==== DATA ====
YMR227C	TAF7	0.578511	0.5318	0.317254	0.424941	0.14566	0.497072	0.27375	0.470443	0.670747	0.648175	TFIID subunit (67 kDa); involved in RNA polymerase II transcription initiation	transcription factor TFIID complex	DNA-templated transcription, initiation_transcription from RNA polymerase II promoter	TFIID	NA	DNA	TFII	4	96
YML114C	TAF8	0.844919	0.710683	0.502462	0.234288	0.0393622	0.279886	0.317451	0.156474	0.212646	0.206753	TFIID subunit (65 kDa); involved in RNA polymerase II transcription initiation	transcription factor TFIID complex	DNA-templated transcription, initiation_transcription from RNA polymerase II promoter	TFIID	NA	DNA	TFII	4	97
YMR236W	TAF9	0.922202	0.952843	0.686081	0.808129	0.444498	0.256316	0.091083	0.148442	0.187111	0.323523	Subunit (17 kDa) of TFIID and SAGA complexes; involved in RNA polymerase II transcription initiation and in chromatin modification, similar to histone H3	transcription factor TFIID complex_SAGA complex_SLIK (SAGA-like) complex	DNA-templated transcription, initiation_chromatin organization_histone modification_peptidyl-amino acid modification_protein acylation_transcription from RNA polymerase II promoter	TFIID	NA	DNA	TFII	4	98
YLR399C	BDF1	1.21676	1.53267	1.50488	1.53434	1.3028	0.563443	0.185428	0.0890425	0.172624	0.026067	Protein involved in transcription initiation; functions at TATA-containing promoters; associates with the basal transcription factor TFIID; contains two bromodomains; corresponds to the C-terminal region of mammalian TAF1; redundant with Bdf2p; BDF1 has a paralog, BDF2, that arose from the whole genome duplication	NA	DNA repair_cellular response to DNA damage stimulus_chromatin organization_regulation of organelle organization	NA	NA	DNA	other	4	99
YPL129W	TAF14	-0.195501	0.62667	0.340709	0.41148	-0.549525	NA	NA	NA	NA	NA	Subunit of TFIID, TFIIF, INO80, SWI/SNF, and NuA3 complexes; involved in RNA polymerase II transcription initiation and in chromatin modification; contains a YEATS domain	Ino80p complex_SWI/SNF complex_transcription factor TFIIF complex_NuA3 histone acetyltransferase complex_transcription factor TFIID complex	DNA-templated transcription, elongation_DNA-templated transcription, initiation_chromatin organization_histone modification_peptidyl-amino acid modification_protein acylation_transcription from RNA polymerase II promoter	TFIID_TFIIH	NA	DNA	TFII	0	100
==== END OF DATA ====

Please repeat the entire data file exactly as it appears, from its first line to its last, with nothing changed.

YMR227C	TAF7	0.578511	0.5318	0.317254	0.424941	0.14566	0.497072	0.27375	0.470443	0.670747	0.648175	TFIID subunit (67 kDa); involved in RNA polymerase II transcription initiation	transcription factor TFIID complex	DNA-templated transcription, initiation_transcription from RNA polymerase II promoter	TFIID	NA	DNA	TFII	4	96
YML114C	TAF8	0.844919	0.710683	0.502462	0.234288	0.0393622	0.279886	0.317451	0.156474	0.212646	0.206753	TFIID subunit (65 kDa); involved in RNA polymerase II transcription initiation	transcription factor TFIID complex	DNA-templated transcription, initiation_transcription from RNA polymerase II promoter	TFIID	NA	DNA	TFII	4	97
YMR236W	TAF9	0.922202	0.952843	0.686081	0.808129	0.444498	0.256316	0.091083	0.148442	0.187111	0.323523	Subunit (17 kDa) of TFIID and SAGA complexes; involved in RNA polymerase II transcription initiation and in chromatin modification, similar to histone H3	transcription factor TFIID complex_SAGA complex_SLIK (SAGA-like) complex	DNA-templated transcription, initiation_chromatin organization_histone modification_peptidyl-amino acid modification_protein acylation_transcription from RNA polymerase II promoter	TFIID	NA	DNA	TFII	4	98
YLR399C	BDF1	1.21676	1.53267	1.50488	1.53434	1.3028	0.563443	0.185428	0.0890425	0.172624	0.026067	Protein involved in transcription initiation; functions at TATA-containing promoters; associates with the basal transcription factor TFIID; contains two bromodomains; corresponds to the C-terminal region of mammalian TAF1; redundant with Bdf2p; BDF1 has a paralog, BDF2, that arose from the whole genome duplication	NA	DNA repair_cellular response to DNA damage stimulus_chromatin organization_regulation of organelle organization	NA	NA	DNA	other	4	99
YPL129W	TAF14	-0.195501	0.62667	0.340709	0.41148	-0.549525	NA	NA	NA	NA	NA	Subunit of TFIID, TFIIF, INO80, SWI/SNF, and NuA3 complexes; involved in RNA polymerase II transcription initiation and in chromatin modification; contains a YEATS domain	Ino80p complex_SWI/SNF complex_transcription factor TFIIF complex_NuA3 histone acetyltransferase complex_transcription factor TFIID complex	DNA-templated transcription, elongation_DNA-templated transcription, initiation_chromatin organization_histone modification_peptidyl-amino acid modification_protein acylation_transcription from RNA polymerase II promoter	TFIID_TFIIH	NA	DNA	TFII	0	100